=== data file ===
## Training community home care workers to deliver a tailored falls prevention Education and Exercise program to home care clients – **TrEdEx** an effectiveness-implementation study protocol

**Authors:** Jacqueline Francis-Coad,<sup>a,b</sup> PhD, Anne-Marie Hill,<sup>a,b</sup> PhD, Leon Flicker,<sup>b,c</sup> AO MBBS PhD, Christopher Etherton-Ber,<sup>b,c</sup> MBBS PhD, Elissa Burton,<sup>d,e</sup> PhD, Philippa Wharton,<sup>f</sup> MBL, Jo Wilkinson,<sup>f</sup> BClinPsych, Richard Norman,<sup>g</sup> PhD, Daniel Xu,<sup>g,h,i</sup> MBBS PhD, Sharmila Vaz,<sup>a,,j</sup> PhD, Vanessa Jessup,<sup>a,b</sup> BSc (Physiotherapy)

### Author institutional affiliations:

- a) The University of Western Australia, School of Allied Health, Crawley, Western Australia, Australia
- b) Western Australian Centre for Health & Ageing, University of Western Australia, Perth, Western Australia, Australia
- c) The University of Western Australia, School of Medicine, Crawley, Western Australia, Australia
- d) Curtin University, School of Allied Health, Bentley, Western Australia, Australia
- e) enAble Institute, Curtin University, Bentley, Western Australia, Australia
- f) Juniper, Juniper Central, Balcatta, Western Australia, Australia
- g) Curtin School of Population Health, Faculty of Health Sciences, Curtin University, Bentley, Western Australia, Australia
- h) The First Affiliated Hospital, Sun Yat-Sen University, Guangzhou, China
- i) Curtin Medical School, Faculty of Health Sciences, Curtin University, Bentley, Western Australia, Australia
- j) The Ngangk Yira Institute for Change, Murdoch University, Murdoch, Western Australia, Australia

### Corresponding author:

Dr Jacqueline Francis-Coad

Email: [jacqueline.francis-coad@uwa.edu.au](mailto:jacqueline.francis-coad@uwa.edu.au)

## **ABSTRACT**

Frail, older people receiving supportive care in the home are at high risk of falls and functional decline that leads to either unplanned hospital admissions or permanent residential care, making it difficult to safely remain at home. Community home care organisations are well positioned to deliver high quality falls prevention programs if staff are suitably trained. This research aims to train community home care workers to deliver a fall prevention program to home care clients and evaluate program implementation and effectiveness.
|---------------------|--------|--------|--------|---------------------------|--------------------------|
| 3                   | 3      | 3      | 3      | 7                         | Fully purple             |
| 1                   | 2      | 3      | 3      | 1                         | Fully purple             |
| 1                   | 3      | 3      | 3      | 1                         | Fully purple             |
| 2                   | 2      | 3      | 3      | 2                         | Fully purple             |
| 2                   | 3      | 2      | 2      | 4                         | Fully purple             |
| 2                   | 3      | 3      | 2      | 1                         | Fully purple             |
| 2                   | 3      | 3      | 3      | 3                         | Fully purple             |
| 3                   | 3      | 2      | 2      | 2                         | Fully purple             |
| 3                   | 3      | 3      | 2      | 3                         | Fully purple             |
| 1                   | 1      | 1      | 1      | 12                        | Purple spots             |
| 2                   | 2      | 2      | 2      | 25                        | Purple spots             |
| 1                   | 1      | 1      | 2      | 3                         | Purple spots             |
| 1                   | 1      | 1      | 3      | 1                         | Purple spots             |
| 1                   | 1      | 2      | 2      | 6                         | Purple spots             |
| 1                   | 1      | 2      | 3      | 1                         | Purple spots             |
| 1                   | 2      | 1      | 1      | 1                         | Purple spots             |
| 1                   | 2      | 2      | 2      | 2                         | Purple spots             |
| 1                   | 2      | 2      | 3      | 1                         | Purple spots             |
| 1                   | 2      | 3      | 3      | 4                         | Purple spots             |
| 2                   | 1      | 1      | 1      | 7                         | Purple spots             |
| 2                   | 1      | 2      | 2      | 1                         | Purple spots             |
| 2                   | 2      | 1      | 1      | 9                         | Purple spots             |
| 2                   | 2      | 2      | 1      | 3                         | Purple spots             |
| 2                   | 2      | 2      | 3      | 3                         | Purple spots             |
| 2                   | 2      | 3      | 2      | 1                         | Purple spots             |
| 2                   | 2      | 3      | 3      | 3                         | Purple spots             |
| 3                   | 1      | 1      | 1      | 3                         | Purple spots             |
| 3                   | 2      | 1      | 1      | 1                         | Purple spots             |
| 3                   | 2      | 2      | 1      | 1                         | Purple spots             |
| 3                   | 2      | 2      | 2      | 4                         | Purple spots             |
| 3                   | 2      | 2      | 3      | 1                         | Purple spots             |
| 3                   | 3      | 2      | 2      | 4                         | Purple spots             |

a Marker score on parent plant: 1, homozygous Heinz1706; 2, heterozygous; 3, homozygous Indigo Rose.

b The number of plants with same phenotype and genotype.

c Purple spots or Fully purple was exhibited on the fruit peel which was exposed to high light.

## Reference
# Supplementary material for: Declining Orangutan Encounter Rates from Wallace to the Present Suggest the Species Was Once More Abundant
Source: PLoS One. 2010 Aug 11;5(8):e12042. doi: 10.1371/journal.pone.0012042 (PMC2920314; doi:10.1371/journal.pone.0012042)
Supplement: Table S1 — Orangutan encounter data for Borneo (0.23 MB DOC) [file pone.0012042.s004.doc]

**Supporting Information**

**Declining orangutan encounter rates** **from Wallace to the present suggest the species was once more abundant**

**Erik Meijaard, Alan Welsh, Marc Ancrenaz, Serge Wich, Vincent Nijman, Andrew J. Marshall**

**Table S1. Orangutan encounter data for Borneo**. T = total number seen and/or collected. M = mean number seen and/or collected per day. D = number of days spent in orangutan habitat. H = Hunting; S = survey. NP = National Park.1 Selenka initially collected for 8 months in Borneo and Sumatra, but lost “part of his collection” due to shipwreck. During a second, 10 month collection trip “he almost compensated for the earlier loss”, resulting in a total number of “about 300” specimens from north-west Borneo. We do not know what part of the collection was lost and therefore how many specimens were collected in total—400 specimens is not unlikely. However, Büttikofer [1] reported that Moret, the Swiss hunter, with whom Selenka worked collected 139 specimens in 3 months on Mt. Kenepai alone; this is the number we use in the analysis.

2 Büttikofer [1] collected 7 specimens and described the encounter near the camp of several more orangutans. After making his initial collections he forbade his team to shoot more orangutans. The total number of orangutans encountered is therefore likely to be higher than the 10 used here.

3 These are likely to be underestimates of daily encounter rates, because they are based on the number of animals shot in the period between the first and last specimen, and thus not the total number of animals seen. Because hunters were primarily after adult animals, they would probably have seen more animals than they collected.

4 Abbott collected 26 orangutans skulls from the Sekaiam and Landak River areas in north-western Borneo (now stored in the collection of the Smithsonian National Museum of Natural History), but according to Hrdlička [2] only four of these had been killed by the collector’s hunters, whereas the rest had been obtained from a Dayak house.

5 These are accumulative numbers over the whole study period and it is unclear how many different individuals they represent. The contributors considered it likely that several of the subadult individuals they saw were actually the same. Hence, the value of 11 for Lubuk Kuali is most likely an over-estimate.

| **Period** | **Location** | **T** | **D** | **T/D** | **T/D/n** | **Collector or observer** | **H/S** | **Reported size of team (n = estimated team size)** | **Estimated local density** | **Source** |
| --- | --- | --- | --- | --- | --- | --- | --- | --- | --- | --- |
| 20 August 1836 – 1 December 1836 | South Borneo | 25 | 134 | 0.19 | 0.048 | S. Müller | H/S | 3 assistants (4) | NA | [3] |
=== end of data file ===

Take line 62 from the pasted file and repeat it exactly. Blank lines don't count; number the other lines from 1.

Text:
**Table S1. Orangutan encounter data for Borneo**. T = total number seen and/or collected. M = mean number seen and/or collected per day. D = number of days spent in orangutan habitat. H = Hunting; S = survey. NP = National Park.1 Selenka initially collected for 8 months in Borneo and Sumatra, but lost “part of his collection” due to shipwreck. During a second, 10 month collection trip “he almost compensated for the earlier loss”, resulting in a total number of “about 300” specimens from north-west Borneo. We do not know what part of the collection was lost and therefore how many specimens were collected in total—400 specimens is not unlikely. However, Büttikofer [1] reported that Moret, the Swiss hunter, with whom Selenka worked collected 139 specimens in 3 months on Mt. Kenepai alone; this is the number we use in the analysis.